Next day-ay, a bitter day it was for Beagles!-the Bumbletown committee made their report, and their report was :"That Algernon Beagles, Esq., was not duly elected a member for the said borough of Bumbletown," &c. Then followed some awkward allegations about treating, bribery, and gross corruption, personation, and every other peccadillo
The House was counted-there were losing himself in searching it; but conthirty-eight members present-the Speaker verting and deluding an entire people. declared it adjourned, and Beagles went Baruel points him out as a bewildered home in a rage; was a disappointed ora- dreamer, a criminal with redeeming qualitor, an unhappy and inconsolable man! ties, one of the most dangerous that ever lived, because his sophisms were so persuasive; but not one of the worst, because none could approach in audacity the powerful but repulsive genius of Voltaire. The French drink in his doctrines, and venerate his ashes in the Pantheon; the Germans reject his theories as too aerial to be in unison with theirs; the English read his "Confessions," admire his sentimental reveries, neglect his political works, and vituperate or ridicule his name. In this manner the discussion has gone on through more than half a century, and new apologists or detractors appear at intervals to assist in elucidating or obscuring the truth.
known to elections.
Mr. Beagles no longer writes M. P. to his name. He is minus about three thousand pounds by his brief parliamentary career, and he is cured of his ambition to shine as an orator.
CHARACTER OF ROUSSEAU.
MONG the men' who, during the eighteenth century, aided in the terrific revolution of opinion in France, Rousseau was the most extraordinary. His moral character, his religious theories, even his political principles, were problems which he bequeathed to posterity. Unlike all other human beings, as he was, he only perplexed the world more hopelessly by endeavoring to describe himself. Before his "Confessions" were published, there was a cloud about him; but when these appeared, though part of the old mystery was dispelled, a new one, far more impenetrable, was created. Accordingly, many as the writers are who have investigated the idiosyncrasies of Rousseau, not one has secured the concurrence of mankind with his views. There is still confusion; there are still contradictory ideas. To some the Genevese sophist is even now an inspired idiot; to others an impostor, mad with vanity;-a philosopher to the remnants of the Academy, a maniac to the relics of the Sorbonne. A whole cabinet of literature is divided, therefore, between the apologists, the panegyrists, the detract-pression. The groundwork, therefore, of ors, the libelers, and the temperate critics his disposition was the agitation of the of Rousseau. Burke paints him as a wild feelings, and the pleasing of the senses. conspirator, with a rainbow fancy, a pen From this state he passed into a new stage bewitching by its eloquence, and a mind of intellectual existence. He threw aside plunged into delirium by the study of tales, and read history-the narratives of fantasies. Lord John Russell com- the heroic age, the lives of illustrious memorates him as the false oracle of Romans and Greeks, the epic of ancient Geneva pursuing an ideal of social virtue, liberty, which inspired him with the free,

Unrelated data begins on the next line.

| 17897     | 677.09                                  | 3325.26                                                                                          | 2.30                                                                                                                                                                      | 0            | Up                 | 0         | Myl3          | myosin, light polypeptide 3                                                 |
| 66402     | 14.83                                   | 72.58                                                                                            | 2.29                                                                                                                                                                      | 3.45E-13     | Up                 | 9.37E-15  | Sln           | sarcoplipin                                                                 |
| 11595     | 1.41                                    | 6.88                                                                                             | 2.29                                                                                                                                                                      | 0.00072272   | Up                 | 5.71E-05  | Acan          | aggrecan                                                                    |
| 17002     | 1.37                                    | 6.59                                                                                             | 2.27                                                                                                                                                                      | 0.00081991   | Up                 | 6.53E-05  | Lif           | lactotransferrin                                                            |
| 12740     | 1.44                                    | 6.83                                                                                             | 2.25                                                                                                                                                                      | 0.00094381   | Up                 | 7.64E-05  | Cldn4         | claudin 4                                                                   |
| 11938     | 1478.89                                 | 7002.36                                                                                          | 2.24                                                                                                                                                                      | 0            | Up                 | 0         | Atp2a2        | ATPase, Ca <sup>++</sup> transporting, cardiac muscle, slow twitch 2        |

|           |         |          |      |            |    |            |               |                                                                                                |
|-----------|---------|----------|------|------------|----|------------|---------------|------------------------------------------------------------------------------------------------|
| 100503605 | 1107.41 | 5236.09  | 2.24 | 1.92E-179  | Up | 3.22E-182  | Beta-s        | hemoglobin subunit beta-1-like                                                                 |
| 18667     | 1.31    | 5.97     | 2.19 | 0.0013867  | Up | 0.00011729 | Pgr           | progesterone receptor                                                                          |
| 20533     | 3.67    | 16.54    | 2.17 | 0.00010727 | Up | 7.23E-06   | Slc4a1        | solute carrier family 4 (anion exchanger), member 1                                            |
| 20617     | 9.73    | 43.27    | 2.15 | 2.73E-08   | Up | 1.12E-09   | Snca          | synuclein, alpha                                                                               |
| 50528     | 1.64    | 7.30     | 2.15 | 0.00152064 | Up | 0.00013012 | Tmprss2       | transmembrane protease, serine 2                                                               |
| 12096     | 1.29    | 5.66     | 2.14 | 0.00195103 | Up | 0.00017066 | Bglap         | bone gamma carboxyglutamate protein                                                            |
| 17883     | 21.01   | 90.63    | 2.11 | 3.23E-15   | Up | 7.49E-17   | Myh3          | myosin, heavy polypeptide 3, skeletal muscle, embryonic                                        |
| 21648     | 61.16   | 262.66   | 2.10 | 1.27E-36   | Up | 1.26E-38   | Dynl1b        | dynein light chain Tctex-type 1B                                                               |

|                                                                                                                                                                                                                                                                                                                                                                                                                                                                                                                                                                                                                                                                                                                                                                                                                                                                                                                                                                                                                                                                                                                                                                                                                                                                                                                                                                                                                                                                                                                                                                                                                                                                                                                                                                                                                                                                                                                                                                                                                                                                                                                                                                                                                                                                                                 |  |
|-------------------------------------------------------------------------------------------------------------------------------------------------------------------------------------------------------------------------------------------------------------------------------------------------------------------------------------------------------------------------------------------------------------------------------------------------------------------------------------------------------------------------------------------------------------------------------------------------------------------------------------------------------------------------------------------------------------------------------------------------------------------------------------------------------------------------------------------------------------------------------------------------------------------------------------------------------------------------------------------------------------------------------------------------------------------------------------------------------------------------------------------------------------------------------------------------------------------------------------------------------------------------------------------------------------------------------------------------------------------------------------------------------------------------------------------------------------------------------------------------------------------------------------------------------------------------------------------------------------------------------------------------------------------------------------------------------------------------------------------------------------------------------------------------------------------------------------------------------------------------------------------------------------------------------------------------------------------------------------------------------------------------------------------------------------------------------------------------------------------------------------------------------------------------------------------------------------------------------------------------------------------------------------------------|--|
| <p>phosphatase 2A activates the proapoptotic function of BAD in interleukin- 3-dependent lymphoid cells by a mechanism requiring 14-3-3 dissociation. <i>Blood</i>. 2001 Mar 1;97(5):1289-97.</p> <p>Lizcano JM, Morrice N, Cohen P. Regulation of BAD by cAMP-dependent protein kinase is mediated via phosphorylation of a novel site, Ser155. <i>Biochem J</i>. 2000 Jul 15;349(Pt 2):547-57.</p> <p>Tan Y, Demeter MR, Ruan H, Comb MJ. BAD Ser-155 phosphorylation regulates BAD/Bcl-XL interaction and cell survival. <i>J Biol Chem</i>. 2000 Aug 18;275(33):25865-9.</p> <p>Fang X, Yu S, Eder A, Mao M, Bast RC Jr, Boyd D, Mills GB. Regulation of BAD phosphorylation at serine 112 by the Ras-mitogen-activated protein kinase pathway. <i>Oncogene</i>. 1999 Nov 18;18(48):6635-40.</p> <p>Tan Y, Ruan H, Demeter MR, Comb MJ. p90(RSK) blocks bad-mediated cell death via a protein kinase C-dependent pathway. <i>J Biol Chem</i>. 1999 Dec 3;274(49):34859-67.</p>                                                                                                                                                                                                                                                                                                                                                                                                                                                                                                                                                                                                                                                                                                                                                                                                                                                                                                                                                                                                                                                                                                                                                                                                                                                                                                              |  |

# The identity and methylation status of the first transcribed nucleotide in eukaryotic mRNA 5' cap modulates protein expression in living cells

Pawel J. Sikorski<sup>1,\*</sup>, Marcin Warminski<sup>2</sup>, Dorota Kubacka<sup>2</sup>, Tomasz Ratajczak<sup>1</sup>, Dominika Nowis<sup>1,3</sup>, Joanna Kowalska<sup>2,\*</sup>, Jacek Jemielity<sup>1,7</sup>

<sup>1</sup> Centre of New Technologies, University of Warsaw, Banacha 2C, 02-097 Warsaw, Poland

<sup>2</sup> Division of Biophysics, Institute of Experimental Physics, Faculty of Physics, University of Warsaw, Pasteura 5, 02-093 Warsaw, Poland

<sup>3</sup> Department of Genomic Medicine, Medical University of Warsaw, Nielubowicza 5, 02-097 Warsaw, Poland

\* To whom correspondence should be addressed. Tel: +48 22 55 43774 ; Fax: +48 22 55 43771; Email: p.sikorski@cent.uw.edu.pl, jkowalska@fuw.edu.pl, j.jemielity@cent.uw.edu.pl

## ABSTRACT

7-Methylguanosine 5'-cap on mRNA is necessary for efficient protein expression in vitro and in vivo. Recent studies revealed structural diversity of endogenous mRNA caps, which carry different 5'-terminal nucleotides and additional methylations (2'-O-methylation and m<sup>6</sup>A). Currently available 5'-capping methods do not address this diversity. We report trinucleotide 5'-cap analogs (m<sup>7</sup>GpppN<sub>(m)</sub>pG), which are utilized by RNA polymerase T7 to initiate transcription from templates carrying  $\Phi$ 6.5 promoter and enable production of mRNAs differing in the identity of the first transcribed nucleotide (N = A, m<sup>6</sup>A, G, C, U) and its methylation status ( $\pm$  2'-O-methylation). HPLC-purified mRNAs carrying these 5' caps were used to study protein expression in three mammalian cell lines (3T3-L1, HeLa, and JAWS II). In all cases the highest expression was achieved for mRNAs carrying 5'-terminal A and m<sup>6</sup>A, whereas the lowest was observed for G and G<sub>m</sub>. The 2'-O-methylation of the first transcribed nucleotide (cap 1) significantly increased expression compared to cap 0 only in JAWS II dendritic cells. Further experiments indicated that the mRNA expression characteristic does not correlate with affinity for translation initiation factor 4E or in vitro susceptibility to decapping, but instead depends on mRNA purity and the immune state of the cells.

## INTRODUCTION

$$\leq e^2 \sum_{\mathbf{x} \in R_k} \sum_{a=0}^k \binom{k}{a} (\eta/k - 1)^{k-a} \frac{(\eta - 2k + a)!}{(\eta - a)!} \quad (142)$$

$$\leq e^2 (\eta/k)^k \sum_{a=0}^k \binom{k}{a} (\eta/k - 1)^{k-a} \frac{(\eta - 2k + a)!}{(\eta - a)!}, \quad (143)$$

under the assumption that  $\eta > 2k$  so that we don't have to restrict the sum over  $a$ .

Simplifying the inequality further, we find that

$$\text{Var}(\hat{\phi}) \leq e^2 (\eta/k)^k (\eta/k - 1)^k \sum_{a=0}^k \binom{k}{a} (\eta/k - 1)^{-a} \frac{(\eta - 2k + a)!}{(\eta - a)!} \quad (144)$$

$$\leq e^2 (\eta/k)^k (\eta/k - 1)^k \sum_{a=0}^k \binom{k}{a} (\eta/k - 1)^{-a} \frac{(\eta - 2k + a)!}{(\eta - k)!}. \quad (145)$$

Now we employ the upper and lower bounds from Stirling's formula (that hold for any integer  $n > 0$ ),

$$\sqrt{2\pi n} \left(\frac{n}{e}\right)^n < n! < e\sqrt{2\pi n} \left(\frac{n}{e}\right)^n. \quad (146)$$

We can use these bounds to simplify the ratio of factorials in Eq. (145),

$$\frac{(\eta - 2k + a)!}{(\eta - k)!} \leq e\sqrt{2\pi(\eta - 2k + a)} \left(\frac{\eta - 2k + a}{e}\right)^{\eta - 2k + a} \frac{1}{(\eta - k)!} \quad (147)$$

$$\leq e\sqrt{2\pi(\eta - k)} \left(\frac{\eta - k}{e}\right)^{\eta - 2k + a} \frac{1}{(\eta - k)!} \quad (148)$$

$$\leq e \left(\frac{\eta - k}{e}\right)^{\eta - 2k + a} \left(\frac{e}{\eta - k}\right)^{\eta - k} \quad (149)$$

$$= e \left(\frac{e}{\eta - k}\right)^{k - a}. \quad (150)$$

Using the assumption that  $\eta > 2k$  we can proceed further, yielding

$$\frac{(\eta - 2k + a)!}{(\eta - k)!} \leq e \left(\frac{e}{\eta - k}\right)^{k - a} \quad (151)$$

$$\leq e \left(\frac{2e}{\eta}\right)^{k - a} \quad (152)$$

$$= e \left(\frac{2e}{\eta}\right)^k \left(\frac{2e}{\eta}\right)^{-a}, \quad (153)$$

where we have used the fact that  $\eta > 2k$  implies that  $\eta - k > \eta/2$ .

The only misfortune, according to Chateaubriand, which is greater than that of giving birth to another, is that of being born yourself. This affectation he probably derived from Rousseau, who describes the day of his birth as the most unfortunate of his life. So, perhaps, it was, though not in the sense he intended; for his mother died on that day, leaving him, on the 28th of June, 1712, half an orphan, to the care of his father, a humble watchmaker of Geneva. His education, with its results, justifies the fears of those who dread the influence on their children's minds of an unchecked habit of reading romances. Before he learned one maxim of virtue; before he was on his guard against a single temptation; before a solitary moral feeling, or one religious perception had been introduced into his breast, he was accustomed to pour over exciting fictions, wild stories, appealing to the most dangerous passions of his nature. The emotions which thus became early familiar to him, the ideas he acquired of life, the brooding dreams in which he indulged, all tended to form a character originally susceptible to any powerful im